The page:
The casual moviegoers that propelled Star Trek Into Darkness to $467 million worldwide thought it was an entertaining science-fiction adventure with a fun cast and strong special effects. They didn’t care about the whole “Is Benedict Cumberbatch playing Khan?” controversy or the hamfisted callbacks to Wrath of Khan or the 9/11-truther undertones. It was the hardcore Star Trek fans who took to the Internet to proclaim the film to be the “worst Star Trek film ever.” But Paramount (a division of Viacom, Inc.) knows that most of those ”Trekkies” will still show up for Star Trek 3 in summer 2016 no matter how much they disagree with the choice of Roberto Orci as director.
It’s not that Hollywood doesn’t care about or doesn’t appreciate the geek fandom. It’s just that said geek fandom doesn’t make up very much total box office for a given film. Edgar Wright is a popular filmmaker among hardcore movie nerds and the geek set. But Wright’s pictures are not what anyone would consider massive moneymakers. In fact, Scott Pilgrim vs. the World is a prime example of geek adoration utterly failing to translate into mainstream interest, as the $60 million Universal film earned just $47m worldwide despite rapturous geek approval. If Disney and/or Marvel thought Edgar Wright’s Ant Man wasn’t the one that would best appeal to broad audiences, be they right or wrong in that assessment, then the choice of serving general audiences or sticking it out for the hardcore fans was an obvious one.
That doesn’t mean that Walt Disney perhaps should not have taken a chance on Wright’s vision as a matter of artistic principle, especially as Marvel has built enough audience goodwill to roll the dice on a project like Ant Man. And I’m always annoyed when a studio sees a property that is making them lots of money and yet still artistically interferes anyway. But the notion that the Marvel Cinematic Universe is on the precipice of collapse because they are going against the wishes of the hardcore fans is based on a false presumption. The Marvel Cinematic Universe began so successfully precisely because Iron Man appealed to the casual moviegoer to such an extent that fan approval was merely a bonus. The Dark Knight didn’t gross $1 billion worldwide because the hardcore fans thought it was the “greatest Batman story ever told,” but rather because it clicked with all theoretical moviegoers.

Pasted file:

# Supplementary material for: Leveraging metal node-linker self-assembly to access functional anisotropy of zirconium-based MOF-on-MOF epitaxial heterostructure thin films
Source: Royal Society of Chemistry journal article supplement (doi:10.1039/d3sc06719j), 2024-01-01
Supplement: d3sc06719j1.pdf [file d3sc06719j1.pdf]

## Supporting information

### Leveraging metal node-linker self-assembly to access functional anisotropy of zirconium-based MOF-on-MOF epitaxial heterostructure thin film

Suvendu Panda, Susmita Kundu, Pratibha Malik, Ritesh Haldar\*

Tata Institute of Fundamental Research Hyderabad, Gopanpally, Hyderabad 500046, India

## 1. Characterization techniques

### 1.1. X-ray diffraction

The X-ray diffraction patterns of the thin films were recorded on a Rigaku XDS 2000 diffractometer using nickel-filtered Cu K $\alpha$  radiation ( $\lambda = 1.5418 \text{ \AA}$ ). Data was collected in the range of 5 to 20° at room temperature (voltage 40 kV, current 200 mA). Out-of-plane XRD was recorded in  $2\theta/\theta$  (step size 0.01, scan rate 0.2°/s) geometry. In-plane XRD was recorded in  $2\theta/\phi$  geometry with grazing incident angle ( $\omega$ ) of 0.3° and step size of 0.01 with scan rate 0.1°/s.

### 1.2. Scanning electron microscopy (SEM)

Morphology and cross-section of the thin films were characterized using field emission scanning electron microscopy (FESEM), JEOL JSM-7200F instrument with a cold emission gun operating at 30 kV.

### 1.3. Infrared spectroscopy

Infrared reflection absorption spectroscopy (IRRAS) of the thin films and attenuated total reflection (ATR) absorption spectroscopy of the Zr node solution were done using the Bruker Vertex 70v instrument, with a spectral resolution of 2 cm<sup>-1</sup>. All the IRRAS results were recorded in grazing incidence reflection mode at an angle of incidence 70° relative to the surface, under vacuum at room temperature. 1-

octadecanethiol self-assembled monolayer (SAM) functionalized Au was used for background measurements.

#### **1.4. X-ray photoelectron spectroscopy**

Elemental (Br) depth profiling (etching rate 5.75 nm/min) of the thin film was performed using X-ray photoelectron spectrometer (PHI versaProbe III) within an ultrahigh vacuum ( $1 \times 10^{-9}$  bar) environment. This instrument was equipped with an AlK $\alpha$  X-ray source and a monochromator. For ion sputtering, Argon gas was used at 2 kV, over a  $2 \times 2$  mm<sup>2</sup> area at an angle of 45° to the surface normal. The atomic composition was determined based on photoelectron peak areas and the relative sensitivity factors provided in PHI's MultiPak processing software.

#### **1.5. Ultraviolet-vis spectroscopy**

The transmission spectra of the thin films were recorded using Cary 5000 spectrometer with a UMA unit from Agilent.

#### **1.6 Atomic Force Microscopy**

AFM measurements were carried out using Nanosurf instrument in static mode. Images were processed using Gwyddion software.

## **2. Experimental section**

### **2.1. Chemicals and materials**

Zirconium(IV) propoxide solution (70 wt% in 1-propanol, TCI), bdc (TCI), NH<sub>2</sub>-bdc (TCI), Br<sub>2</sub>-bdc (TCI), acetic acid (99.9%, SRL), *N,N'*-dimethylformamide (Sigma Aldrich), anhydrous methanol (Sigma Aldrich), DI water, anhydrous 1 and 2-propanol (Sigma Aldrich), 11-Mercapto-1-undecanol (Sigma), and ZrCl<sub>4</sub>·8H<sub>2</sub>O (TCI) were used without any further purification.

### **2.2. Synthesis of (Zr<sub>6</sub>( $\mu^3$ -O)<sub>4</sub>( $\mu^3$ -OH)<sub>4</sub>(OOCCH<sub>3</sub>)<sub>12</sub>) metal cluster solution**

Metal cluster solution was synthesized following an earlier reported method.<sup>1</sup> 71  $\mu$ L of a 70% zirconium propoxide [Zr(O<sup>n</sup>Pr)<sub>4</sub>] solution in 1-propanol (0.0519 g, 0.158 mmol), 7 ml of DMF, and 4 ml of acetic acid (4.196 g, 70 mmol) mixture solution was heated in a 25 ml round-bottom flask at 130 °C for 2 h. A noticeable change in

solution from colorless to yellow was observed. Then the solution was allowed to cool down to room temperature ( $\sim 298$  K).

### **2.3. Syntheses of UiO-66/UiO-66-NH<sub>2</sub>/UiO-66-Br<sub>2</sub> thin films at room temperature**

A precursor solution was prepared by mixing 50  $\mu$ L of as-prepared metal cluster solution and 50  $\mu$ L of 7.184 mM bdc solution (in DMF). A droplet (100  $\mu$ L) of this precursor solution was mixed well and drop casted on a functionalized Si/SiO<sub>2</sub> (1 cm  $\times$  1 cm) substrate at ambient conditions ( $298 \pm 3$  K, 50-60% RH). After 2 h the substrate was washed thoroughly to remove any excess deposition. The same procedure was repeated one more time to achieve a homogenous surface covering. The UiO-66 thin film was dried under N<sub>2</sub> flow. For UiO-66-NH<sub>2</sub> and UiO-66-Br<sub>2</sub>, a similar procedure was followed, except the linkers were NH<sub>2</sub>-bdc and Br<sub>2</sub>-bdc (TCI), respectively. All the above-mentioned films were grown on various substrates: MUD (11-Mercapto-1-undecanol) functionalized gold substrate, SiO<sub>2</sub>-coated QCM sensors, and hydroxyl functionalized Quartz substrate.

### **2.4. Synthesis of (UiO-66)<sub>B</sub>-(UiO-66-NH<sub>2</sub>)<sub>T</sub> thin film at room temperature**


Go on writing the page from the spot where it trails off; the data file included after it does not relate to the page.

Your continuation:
Fans hated Spider-Man 3, yet it was the biggest-grossing Spider-Man film of all time. Ditto (for the next few weeks) X-Men: The Last Stand. Sometimes fan approval and box office success meet up, as was the case with The Avengers or The Hunger Games. The geek crowd didn’t make Lionsgate’s Dredd 3D into a smash and fan disapproval didn’t turn any of Fox’s Star Wars prequels into flops. We can scream “Michael Bay is the devil!” all we want, but the Paramount’s upcoming Teenage Mutant Ninja Turtles reboot will succeed or fail financially regardless of the hardcore fan approval. The theoretical disapproval of whatever becomes of Ant Man won’t be a darn thing in terms of that film’s box office performance next July. Because the fans screaming the loudest are going to show up anyway.
The current wave of comic book films and fantasy franchise properties are allowing the comic nerds of the world to see their four-color heroes on the film and television screens in a manner that was arguably implausible just a generation ago. But that’s only happening because films like X-Men: Days of Future Past and Thor: The Dark World are appealing to huge swaths of general moviegoers who barely know how to read a comic book and/or care nothing about the properties being adapted. As a result, the very fans who are most excited for this material find themselves pandered to during the marketing campaign but otherwise ignored in terms of artistic and commercial decisions. Because the hardcore fan is going to show up no matter who directs Ant Man and/or no matter how much they claim to disapprove of the latest Amazing Spider-Man film.
Warner Bros. doesn’t care if you approve of Ben Affleck being cast as Batman, and nor should they. The fan outrage meant free publicity and a big movie star like Affleck meant guaranteed mainstream interest among general moviegoers. And Walt Disney doesn’t care what you think about Edgar Wright leaving Ant Man. The success of failure of these films will be determined by the general moviegoers who just-plain aren’t as passionate about these properties as the so-called “fanboys.” Marvel Studios was a success not because of the fans, but because they found a way to make Thor accessible to the non-fans.
The passionate comic book fan is the equivalent of the hardcore left in the Democratic Party. They know you’re not going to stay home, so why bother placating you in the first place? I’m not saying this is a good thing. As a general rule executive interference makes inferior movies. The end result was still a talented filmmaker losing an internal battle with studio executives over artistic differences. But that’s how it is.